Suppose you run an airline. Times are hard for you. Fuel costs keep going up, but you can't raise your ticket prices too much or your pleasure customers will holiday closer to home and your business customers will videoconference instead.
You have to find some ways of cutting costs. You can't cut the salaries or benefits of your staff because they'd go on strike. You're already charging passengers extra for their in-flight meal and the movie. What do you do?
Apart from fuel costs, the bane of your existence is passengers:
- They bring their own food, drink and cosmetics on board instead of buying your $5 bottled water, $10 sandwiches and $20 moisturizer.
- They bring their own books, magazines, MP3 players and movie players aboard, preventing you from making a tidy profit selling entertainment to them.
- They cause delays by talking on their cellphones during pre-flight checks, messing up the navigation instruments.
- They increase the percentage of time your planes spend on the ground by taking forever to put their huge carry-on bags in the overhead bins. They invariably use these bins selfishly, causing later passengers to have to spend ages rearranging things in order to get everything to fit.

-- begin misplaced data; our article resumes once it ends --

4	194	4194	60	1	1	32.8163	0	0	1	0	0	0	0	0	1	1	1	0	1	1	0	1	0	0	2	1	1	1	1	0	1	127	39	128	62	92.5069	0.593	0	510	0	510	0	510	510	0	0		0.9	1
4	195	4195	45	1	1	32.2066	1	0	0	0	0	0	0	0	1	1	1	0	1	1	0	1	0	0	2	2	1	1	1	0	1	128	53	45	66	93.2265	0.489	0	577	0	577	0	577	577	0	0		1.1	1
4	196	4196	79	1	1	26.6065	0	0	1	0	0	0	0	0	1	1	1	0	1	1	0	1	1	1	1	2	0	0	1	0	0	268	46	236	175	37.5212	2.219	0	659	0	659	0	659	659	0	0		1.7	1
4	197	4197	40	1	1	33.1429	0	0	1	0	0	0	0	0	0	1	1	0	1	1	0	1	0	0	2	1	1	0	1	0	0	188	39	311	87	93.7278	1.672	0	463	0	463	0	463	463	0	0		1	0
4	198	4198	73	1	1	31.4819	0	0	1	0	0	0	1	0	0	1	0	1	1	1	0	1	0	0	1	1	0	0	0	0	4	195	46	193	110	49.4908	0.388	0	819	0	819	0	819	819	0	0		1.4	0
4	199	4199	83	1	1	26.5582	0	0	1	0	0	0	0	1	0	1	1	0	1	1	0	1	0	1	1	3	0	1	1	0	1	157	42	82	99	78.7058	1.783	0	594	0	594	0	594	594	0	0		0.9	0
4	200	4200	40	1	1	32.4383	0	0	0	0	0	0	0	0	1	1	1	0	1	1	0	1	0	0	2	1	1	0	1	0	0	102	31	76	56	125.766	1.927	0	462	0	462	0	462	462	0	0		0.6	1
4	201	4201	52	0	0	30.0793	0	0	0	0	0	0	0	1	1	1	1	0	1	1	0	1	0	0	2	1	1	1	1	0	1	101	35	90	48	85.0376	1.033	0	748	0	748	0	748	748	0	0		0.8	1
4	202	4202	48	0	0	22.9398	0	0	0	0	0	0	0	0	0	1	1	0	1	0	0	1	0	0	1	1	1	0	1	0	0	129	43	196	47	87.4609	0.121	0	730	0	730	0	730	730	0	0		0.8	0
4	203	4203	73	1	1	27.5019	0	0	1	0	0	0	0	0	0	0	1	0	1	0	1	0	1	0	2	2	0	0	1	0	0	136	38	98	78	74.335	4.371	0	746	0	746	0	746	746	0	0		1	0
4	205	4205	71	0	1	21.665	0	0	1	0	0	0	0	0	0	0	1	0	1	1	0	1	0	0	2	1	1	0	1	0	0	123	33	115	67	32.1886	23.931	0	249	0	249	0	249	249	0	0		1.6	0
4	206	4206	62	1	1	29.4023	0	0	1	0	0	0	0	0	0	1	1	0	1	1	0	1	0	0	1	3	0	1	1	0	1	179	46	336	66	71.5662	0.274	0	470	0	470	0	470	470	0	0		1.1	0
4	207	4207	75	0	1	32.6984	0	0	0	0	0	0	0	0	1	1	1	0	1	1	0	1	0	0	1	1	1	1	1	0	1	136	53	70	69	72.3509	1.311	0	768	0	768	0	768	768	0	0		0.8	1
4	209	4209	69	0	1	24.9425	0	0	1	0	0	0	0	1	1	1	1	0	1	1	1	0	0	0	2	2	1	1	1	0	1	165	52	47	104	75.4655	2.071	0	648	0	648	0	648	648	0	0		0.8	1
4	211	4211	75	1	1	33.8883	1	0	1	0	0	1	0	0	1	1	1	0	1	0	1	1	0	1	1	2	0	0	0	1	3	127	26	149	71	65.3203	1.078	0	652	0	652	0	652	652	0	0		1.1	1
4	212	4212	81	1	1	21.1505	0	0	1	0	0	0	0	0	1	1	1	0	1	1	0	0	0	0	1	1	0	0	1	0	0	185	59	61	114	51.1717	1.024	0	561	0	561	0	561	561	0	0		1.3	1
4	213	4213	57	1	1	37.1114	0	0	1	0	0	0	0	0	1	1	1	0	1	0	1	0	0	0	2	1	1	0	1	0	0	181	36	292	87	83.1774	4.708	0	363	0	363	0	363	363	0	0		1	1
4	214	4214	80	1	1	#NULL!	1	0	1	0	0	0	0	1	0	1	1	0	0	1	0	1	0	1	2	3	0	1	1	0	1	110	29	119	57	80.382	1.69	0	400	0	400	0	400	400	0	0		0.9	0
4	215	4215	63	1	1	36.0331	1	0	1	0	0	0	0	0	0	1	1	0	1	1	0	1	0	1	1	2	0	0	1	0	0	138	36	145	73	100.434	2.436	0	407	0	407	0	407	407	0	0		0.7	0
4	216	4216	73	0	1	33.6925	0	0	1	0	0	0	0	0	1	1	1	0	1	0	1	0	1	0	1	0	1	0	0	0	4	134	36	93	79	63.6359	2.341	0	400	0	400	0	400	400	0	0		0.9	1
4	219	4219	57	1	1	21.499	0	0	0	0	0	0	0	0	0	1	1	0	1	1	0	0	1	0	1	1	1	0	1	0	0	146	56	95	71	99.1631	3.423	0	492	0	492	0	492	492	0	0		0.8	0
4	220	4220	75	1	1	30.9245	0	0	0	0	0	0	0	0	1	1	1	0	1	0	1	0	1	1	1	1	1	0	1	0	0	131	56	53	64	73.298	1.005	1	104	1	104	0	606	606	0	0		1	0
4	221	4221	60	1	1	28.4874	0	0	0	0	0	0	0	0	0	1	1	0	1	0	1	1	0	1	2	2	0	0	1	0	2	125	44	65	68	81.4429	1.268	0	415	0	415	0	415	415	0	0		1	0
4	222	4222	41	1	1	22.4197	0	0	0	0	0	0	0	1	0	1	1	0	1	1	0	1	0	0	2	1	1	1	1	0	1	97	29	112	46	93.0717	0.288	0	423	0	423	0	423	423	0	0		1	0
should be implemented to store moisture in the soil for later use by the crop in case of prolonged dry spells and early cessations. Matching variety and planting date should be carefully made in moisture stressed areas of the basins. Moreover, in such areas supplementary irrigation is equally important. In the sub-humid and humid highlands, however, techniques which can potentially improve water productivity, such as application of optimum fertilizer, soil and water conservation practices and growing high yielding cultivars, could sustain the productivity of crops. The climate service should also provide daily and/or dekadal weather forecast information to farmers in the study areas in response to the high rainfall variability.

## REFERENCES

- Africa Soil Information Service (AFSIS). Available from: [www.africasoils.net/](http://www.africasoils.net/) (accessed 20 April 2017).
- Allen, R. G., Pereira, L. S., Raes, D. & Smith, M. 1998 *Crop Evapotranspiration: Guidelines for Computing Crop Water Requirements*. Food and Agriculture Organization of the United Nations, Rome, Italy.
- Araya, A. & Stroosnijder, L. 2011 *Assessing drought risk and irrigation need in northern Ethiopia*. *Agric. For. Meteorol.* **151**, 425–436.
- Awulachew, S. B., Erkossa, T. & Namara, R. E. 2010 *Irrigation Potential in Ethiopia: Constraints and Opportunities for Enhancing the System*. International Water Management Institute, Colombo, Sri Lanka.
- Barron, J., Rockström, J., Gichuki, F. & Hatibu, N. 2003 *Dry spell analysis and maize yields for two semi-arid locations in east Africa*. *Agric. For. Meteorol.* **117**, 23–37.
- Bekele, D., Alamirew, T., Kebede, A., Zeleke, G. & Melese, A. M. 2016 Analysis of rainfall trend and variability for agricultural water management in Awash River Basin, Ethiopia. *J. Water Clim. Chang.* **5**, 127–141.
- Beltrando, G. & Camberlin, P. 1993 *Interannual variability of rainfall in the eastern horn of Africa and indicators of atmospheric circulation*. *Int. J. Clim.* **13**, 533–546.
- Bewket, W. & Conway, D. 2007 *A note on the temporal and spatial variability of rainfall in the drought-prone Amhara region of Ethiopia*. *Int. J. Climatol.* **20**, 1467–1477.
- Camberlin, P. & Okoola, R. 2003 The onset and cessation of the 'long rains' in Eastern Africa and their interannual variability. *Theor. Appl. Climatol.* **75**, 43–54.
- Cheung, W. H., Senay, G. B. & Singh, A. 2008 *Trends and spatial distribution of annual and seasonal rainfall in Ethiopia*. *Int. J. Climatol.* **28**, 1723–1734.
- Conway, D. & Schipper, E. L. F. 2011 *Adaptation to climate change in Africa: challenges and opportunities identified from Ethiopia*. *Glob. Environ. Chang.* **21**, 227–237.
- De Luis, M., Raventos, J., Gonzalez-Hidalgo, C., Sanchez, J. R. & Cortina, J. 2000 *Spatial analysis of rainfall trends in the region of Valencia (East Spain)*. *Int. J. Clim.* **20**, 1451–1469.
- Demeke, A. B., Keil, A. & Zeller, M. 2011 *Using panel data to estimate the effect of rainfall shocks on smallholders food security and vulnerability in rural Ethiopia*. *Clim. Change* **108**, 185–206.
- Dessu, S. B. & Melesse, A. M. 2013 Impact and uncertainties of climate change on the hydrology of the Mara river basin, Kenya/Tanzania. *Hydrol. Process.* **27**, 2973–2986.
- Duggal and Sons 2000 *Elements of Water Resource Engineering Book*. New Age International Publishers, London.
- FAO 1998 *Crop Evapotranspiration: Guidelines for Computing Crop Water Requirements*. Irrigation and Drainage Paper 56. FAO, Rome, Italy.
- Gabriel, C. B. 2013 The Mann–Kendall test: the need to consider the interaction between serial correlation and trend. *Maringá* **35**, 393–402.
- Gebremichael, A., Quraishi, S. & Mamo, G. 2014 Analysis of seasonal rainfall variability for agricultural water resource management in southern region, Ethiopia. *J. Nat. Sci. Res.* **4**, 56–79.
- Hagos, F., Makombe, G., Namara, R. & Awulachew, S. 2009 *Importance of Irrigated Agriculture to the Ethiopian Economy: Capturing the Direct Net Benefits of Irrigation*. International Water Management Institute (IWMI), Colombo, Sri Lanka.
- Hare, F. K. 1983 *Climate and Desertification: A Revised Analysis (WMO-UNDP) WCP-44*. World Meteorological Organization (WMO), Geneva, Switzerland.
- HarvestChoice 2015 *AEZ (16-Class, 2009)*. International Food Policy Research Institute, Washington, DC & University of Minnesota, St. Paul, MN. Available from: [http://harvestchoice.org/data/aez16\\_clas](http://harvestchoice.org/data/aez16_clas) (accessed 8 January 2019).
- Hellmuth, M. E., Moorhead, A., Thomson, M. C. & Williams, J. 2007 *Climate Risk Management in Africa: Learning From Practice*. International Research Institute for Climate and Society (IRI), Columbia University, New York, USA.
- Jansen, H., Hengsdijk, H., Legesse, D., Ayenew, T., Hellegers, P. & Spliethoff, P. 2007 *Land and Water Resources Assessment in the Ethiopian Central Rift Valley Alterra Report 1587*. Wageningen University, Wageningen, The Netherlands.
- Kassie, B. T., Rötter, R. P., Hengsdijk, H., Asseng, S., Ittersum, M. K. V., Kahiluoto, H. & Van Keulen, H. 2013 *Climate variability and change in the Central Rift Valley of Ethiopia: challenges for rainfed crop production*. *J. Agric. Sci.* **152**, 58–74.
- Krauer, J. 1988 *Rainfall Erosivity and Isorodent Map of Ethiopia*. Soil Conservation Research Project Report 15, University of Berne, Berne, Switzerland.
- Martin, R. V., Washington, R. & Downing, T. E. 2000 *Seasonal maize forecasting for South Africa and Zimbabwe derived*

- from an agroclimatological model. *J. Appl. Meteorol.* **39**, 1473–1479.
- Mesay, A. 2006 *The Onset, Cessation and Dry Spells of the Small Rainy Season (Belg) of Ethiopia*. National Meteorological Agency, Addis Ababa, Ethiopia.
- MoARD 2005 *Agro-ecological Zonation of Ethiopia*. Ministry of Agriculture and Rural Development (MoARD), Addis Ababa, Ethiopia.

- They take forever to get their carry-on bags out of the overhead bins and get off the plane, further increasing the ground-time factor.
- They listen to noise-cancelling headphones and are therefore unable to hear instructions from flight crew.
But the passengers pay the bills, so you put up with them.
Hang on a sec, though - all those peeves above aren't so much with the passengers themselves but with all the junk they bring aboard. Almost none of it is really needed, especially given that you can sell them equivalents on board at great profit.
Of course, you can't just say "no non-essential carry on items" - how would you enforce it? The only way to prevent passengers from sneaking in a book or drink is to somehow get the security screeners involved. But how could you possibly convince the world that every piece of carry on baggage is a possible security risk? Well, I'll leave that one up to you.
Whenever new security measures are introduced into your life, ask yourself the following questions:
- Will it really improve security?
- Regardless of actual improvements in security, who stands to gain from the introduction of these measures?
- How could those who make the decision to implement these measures be influenced by those who stand to gain? (Clue... follow the money).
Now, this may sound like a bit of a conspiracy theory but I would not be at all surprised if the security measures introduced in the UK today stick, and spread to other countries. I will also be completely unsurprised if business and first class passengers are exempted from the rule, which would pretty much prove that this is a money-making scheme rather than a security improving one (just like the photo ID requirement).